FIP is caused by a virus. A virus is the sort of organism that gives us the common cold. The virus that causes FIP is a coronavirus – feline enteric coronavirus (FeCV).
In infected cats the virus is found in:
FIP is spread from cat to cat but requires prolonged exposure to become infected.
30-40% of all cats have been exposed to it and have antibodies in their blood. Antibodies are produced in response to the presence of the virus. 80-90% of cats in catteries have antibodies to FeCV. It is widespread, therefore. It is a problem for catteries². It is hard to get rid of it in an infected cattery. In fact FIP is a danger in any multicat environment.
However, 99% of cats do not develop the secondary fatal disease that we call FIP. 75% of exposed cats have no symptoms and some have mild symptoms such as a runny nose and eye discharge.
Less than one percent of infected cats develop the FIP.
Age of Cats
Most cats are 6 months to 5 years old¹ (2 years²) when they develop the disease. Also older cats are ‘often infected’¹.
These may occur from weeks to years after exposure. They usually show after 2-3 weeks. There are 2 forms: wet and dry FIP.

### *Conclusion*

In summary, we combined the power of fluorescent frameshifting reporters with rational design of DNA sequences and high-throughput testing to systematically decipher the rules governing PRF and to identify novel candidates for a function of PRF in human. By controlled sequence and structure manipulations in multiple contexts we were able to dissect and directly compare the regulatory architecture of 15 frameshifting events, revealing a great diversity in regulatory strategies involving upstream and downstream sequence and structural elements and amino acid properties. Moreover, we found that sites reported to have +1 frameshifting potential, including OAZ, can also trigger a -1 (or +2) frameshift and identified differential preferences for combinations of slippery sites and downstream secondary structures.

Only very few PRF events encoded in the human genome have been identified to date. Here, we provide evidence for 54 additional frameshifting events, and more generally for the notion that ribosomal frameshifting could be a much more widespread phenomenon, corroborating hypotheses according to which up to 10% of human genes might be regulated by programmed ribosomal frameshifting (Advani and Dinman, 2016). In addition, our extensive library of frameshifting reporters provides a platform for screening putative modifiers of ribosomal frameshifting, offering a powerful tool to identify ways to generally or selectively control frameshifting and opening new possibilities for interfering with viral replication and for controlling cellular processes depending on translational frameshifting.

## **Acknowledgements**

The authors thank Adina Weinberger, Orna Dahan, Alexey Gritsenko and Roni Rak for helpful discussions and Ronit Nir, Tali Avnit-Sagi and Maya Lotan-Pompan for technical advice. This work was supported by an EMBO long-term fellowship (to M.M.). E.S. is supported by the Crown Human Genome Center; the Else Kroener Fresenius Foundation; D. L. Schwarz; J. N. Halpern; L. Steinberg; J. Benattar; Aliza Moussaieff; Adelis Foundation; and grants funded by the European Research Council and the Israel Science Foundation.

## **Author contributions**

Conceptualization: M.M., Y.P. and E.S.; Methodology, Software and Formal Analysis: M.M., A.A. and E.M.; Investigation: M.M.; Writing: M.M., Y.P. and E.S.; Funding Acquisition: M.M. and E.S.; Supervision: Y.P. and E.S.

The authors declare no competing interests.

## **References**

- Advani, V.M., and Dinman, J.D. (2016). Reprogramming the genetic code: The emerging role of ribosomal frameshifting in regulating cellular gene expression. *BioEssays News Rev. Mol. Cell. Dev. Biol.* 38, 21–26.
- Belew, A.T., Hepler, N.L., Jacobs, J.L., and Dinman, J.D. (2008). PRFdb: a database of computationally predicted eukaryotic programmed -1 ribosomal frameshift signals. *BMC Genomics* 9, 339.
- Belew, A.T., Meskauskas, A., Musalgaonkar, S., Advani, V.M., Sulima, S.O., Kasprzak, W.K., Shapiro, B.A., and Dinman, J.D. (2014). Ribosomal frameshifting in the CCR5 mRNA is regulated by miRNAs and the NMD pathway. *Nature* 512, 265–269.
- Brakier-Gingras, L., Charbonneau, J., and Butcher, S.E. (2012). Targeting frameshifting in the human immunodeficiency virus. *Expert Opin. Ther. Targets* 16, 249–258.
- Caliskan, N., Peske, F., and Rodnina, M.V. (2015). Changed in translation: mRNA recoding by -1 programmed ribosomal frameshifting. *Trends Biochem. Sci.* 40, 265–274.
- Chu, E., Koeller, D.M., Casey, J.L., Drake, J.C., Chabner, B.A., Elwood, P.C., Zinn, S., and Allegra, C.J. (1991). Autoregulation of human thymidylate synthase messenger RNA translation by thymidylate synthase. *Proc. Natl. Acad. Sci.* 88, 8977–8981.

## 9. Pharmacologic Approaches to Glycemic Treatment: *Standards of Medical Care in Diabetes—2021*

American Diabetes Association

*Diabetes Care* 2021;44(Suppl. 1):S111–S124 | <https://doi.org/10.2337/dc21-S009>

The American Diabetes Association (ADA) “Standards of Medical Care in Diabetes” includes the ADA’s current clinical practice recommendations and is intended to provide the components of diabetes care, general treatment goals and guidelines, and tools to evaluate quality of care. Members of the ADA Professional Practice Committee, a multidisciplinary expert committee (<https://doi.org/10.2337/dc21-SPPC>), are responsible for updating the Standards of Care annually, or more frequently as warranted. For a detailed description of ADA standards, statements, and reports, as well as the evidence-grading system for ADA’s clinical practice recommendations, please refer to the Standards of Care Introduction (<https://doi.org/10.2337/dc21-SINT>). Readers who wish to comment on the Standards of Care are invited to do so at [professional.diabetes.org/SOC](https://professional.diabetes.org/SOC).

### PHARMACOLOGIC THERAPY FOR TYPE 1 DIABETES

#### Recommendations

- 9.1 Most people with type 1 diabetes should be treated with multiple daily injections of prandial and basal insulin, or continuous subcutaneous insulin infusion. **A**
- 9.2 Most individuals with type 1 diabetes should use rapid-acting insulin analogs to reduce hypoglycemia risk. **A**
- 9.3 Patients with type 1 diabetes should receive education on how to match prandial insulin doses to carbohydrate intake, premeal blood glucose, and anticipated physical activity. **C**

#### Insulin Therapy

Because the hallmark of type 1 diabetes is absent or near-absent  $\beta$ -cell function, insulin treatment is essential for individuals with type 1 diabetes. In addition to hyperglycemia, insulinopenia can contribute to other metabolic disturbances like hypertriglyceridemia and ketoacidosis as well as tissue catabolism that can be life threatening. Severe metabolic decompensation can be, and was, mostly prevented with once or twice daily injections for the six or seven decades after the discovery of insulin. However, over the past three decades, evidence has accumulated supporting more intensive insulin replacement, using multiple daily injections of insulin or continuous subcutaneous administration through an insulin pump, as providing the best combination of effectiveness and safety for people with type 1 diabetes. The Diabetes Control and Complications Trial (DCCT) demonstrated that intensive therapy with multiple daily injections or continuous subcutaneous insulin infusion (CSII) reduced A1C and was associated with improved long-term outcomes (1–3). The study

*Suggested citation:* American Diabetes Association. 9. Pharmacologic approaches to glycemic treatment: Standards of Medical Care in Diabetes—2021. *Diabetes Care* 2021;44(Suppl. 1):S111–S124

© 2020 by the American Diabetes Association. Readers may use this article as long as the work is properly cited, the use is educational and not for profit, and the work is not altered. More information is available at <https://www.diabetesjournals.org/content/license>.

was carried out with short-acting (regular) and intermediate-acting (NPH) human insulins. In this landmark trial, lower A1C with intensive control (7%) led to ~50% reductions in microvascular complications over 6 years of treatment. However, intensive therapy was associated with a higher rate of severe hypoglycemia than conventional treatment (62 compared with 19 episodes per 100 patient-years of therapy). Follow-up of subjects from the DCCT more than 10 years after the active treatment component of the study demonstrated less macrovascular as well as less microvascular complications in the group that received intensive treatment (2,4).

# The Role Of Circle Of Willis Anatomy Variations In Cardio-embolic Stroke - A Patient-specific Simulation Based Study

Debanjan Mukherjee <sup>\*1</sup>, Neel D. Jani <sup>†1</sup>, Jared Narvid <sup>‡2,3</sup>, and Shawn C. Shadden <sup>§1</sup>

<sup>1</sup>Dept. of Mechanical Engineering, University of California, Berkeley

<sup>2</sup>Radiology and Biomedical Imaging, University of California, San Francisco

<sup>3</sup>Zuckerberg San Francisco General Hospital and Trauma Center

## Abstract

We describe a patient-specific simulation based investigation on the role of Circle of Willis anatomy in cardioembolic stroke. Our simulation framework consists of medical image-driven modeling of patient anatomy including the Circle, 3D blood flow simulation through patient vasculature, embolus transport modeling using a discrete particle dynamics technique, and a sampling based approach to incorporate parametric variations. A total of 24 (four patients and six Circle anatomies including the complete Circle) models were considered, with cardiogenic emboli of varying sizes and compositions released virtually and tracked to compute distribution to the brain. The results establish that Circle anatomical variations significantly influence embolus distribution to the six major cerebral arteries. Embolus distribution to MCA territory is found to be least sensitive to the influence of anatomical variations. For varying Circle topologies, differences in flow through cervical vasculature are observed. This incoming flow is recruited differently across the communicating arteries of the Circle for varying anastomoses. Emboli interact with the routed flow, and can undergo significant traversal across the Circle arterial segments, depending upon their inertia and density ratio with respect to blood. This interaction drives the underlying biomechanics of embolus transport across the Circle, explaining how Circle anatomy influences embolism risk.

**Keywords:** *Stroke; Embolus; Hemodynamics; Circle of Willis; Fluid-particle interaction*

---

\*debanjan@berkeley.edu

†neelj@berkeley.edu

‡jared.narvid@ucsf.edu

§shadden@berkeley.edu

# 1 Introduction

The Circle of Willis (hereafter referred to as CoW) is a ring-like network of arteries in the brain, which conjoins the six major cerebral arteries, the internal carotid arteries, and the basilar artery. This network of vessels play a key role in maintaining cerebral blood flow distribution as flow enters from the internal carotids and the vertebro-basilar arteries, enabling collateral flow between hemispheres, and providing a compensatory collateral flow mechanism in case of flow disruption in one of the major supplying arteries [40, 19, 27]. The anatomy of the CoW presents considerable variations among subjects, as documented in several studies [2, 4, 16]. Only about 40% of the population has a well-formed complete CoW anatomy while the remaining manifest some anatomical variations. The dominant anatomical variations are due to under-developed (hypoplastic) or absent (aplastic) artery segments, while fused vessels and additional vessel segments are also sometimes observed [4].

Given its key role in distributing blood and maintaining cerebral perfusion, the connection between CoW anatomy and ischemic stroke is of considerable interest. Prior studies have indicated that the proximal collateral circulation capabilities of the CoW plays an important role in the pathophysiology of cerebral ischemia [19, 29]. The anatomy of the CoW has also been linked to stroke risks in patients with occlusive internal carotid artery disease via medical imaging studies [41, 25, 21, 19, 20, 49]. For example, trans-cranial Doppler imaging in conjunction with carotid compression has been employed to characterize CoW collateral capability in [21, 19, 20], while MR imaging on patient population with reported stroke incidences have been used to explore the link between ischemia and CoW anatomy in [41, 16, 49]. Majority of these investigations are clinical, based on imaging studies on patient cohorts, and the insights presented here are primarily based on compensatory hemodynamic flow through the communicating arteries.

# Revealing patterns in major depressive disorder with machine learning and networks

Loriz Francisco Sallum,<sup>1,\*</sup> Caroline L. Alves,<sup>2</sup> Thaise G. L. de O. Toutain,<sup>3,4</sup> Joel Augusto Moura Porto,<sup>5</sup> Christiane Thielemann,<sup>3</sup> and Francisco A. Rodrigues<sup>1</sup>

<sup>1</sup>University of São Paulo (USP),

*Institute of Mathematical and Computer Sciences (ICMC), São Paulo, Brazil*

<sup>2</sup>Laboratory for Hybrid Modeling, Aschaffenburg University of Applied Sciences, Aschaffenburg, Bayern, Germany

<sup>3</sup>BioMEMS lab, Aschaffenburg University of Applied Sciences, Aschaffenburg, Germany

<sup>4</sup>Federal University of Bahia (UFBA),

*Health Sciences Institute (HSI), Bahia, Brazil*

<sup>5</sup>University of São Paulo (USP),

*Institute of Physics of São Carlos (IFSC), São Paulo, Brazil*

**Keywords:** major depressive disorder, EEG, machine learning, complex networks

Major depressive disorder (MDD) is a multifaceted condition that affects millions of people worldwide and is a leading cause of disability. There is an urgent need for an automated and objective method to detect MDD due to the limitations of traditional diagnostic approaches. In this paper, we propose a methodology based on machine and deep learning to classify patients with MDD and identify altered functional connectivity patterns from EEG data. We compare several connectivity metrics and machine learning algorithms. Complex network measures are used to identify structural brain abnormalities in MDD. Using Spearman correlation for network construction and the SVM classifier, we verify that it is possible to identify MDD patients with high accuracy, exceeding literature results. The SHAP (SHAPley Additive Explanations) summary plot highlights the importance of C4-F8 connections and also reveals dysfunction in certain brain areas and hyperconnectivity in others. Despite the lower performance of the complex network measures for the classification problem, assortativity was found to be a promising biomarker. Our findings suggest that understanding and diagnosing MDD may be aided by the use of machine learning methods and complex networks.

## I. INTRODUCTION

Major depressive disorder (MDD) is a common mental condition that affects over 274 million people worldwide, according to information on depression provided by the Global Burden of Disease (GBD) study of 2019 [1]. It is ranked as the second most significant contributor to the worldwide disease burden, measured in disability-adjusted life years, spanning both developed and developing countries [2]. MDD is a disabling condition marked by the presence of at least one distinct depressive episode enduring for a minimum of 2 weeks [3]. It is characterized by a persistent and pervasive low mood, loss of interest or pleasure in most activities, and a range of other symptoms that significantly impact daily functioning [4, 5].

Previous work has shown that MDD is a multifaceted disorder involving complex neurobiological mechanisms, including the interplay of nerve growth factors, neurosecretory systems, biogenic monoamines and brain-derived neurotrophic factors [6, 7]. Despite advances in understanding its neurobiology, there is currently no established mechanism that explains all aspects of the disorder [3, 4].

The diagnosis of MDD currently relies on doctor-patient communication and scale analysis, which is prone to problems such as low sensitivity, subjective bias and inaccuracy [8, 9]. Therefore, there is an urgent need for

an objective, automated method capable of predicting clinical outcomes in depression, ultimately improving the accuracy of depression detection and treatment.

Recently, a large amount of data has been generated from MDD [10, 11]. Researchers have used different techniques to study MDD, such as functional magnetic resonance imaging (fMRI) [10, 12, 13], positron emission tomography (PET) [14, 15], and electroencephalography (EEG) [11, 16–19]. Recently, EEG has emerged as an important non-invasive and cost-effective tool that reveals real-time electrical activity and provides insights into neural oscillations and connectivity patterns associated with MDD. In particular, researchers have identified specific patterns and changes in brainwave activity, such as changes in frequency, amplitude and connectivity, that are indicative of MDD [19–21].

In wet, fluid builds in the chest or abdomen. This is due to damage to very small blood vessels causing them to leak fluid into body spaces and tissues. This makes breathing difficult if there is fluid in the chest cavity. You might see a bloated abdomen if the fluid is in the abdomen. The fluid is clear and light yellow in color (egg white consistency¹). Other signs are:
In dry, there are abnormalities in the cells (lesions) of a granular pus filled nature. This form of FIP is ‘disseminated’² – spread out and dispersed. The early signs are as for the wet type. Eyes can be affected. 60% of cases show brain and eye problems.
FIP can cause renal failure, liver disease and nervous system defects.
“He will die”². “A very small percentage of cats survive FIP”¹ Excellent nursing skills are required.
As at 2008 there is a vaccine that is not part of the routine schedule and at that time its effectiveness was not established.
- Medical, Genetic & Behavioral Aspects of Purebred Cats edited by Ross Clark DVM ISBN 0-9634124-0-X
- Cat Owner’s Home Veterinary Handbook 3rd edition by Eldredge, Carlson, Carlson (DVMs) and Giffin MD. ISBN 978-0-470-09530-0
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